I’ve been writing most of my adult life. I’ve been working with writers as a group facilitator and teacher for 30 years. In my experience, I can assert with confidence that writing changes lives. There is something healing about putting one’s thoughts, ideas, observations and wisdom onto the page. Some obvious benefits include:

It helps us organize and make sense out of what’s happened in the past or what’s current happening in our lives. It creates order out of chaos, giving us the temporary feeling of being in control of our world.

It allows us to bring buried feelings and deeply held perceptions to the surface so they can be seen and therefore understood. What we don’t know can often hurt us. Becoming conscious and aware of what’s inside opens up a multitude of possibilities to acknowledge, shift and heal ourselves.

If shared, writing helps us to connect with others at a deeper level. Hearing each other’s stories lets us see beyond the social masks we wear into the inner workings of another, fostering great compassion and empathy.

Writing can also be lots of fun. Using one’s imagination to create a story utilizes lots of aspects of ourselves that aren’t often used or expressed. A good story can take us on a playful adventure bringing us unexpected joy and inspiration.

Studies have shown that writing has many health benefits.

According to researcher and professor James Pennebaker, co-author of the book, "Opening Up by Writing it Down: How Expressive Writing Improves Health and Eases Emotional Pain," writing about life's challenges helps us heal physically and emotionally. He even goes so far as to say that writing can boost the immune system, helping those with illnesses including HIV/AIDS, asthma and arthritis.

Many other studies have been done that have shown similar results. Much of the research has focused on expressive or journal writing, which makes sense because real benefits come from moving pent-up stress and feelings from inside to outside. It’s kind of like decluttering the mind, so there is less unneeded junk lying around.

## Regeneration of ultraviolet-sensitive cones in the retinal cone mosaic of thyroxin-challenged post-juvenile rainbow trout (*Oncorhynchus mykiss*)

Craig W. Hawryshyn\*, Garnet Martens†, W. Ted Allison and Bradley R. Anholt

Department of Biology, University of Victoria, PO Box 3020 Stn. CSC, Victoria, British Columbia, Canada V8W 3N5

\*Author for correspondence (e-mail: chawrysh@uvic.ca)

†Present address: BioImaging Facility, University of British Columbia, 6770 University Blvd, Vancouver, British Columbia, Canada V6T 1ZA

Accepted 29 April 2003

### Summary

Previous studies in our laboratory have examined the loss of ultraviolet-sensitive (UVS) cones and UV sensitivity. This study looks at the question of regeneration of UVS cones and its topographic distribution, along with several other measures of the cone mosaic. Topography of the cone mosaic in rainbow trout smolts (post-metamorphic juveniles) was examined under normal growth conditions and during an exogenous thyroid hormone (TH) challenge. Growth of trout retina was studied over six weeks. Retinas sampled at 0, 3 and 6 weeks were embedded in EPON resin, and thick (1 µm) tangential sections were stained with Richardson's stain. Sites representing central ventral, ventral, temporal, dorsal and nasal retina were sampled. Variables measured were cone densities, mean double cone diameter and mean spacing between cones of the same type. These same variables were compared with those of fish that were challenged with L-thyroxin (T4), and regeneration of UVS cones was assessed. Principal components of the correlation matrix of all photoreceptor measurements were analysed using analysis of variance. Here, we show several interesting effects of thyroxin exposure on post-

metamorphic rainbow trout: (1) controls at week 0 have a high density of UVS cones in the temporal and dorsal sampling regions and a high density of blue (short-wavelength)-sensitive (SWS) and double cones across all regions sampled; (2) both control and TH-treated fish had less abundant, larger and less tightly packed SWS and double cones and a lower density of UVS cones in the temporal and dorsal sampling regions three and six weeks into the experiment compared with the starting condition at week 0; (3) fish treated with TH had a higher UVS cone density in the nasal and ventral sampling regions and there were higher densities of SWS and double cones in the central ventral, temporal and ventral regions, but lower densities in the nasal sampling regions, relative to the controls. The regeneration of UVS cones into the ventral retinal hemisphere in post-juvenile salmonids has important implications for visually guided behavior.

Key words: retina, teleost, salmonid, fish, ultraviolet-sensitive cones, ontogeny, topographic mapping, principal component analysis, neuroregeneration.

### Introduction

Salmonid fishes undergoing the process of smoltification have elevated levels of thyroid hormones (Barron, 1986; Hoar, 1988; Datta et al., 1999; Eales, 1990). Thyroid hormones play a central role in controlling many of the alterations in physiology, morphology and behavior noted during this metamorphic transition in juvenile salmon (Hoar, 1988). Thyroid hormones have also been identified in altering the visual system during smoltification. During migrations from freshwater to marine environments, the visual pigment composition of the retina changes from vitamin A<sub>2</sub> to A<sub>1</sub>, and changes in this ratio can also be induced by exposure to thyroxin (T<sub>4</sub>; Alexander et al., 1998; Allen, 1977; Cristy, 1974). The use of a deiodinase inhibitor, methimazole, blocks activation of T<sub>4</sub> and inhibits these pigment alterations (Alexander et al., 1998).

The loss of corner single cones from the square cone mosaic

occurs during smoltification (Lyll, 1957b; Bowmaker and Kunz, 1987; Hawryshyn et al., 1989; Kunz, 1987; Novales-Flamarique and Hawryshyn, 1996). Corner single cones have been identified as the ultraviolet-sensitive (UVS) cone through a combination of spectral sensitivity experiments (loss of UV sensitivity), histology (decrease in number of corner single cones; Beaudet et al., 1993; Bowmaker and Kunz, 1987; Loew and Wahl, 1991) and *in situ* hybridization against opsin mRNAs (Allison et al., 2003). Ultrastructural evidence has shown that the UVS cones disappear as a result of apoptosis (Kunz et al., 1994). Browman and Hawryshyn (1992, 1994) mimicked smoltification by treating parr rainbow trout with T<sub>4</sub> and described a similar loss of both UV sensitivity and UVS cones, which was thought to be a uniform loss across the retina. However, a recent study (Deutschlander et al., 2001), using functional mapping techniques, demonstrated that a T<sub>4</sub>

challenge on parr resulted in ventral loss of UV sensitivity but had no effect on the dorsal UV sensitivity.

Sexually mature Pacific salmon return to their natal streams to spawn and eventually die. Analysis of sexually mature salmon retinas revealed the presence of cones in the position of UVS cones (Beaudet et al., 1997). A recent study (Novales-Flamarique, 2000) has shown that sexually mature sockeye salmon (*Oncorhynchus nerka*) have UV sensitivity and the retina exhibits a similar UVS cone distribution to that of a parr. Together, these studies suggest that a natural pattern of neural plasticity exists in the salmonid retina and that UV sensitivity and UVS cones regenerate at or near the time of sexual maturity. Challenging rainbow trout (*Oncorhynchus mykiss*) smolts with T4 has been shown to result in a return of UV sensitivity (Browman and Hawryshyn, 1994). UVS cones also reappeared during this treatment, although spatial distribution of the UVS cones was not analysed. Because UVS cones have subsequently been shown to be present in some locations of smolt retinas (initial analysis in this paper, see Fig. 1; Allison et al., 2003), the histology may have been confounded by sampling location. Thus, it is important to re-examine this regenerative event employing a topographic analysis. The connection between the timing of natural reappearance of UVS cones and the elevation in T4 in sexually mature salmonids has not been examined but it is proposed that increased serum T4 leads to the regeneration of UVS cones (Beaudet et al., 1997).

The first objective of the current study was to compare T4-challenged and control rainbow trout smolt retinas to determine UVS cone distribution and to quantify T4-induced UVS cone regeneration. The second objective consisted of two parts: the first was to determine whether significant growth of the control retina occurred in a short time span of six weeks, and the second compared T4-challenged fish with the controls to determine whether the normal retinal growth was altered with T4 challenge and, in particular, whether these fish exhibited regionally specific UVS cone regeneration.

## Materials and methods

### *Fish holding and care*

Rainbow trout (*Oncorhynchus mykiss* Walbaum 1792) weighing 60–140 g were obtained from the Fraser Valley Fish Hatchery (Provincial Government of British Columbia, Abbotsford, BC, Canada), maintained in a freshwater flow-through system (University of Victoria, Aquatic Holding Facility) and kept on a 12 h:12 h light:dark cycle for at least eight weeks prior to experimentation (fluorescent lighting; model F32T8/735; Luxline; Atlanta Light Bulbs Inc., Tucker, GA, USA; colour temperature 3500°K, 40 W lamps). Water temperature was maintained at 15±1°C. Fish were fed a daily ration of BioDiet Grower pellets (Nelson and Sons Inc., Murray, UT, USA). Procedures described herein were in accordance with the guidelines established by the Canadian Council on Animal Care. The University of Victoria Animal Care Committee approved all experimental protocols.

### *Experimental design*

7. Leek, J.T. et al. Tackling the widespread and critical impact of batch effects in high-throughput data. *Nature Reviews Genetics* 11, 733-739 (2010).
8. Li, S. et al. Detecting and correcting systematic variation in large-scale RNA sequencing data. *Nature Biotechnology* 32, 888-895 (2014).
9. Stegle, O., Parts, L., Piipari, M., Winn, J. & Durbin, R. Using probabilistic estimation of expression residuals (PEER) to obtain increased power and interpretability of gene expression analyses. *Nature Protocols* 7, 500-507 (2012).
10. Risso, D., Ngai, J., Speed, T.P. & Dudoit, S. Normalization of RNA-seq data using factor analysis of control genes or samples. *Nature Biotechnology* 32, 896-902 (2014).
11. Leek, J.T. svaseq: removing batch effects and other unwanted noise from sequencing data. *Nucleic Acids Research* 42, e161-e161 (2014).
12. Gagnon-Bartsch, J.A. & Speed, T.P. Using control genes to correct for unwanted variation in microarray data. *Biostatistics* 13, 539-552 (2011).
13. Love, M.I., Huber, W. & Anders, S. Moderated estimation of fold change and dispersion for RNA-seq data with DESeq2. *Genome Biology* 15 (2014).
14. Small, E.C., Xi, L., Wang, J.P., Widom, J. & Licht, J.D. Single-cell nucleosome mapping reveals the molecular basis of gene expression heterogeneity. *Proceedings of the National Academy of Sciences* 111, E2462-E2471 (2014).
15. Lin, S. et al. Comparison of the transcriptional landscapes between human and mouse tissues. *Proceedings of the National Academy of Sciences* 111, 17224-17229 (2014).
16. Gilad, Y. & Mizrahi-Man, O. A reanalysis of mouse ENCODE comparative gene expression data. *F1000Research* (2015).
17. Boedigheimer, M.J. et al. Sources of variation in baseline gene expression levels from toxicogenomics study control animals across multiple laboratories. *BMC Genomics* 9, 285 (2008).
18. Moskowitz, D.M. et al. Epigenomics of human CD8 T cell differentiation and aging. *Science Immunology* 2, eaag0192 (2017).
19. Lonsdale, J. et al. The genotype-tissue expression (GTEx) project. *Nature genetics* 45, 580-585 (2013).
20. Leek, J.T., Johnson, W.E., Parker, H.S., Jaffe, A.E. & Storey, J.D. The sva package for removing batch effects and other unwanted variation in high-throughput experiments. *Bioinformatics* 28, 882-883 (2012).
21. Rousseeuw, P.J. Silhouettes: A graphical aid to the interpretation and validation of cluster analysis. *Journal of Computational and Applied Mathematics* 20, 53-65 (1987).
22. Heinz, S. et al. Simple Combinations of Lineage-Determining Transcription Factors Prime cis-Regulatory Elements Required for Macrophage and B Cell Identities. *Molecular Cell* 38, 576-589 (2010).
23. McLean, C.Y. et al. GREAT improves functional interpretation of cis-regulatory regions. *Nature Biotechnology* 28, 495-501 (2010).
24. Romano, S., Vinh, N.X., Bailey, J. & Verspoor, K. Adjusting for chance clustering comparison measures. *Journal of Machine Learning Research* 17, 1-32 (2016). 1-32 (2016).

In her best-selling book, “The Artist’s Way,” author Julie Cameron asks her readers to write what she calls “morning pages” every morning. She defines them as follows:

“Morning Pages are three pages of longhand, stream of consciousness writing, done first thing in the morning. There is no wrong way to do Morning Pages – they are not high art. They are not even ‘writing.’ They are about anything and everything that crosses your mind – and they are for your eyes only. Morning Pages provoke, clarify, comfort, cajole, prioritize and synchronize the day at hand. Do not over-think Morning Pages: just put three pages of anything on the page...and then do three more pages tomorrow.”

This practice beautifully captures the essence of using writing as a way to know ourselves, to free ourselves and to express ourselves — not for some specific goal or agenda, but to simply increase our awareness and ideally, create some space for inner peace.

My favorite class that I teach is my six-week memoir class. In a very short time, I see students that have a strong desire to write, but no clue about how to start, then blossom into students in love with writing and confident that they can do it.

Many are also facing numerous challenges in their lives. My joy as a teacher comes from knowing that at the end of their time with me, they will have learned how the process of writing returns them to themselves, and if shared, connects them with others.

The highlight of the class comes when my students share their stories out loud. They realize that they’ve not only written something, but they’ve also managed to summon up their courage to share it. They’re elated to have taken this big leap, and once taken, they’re hooked and want more. It is then that I know that my work is done.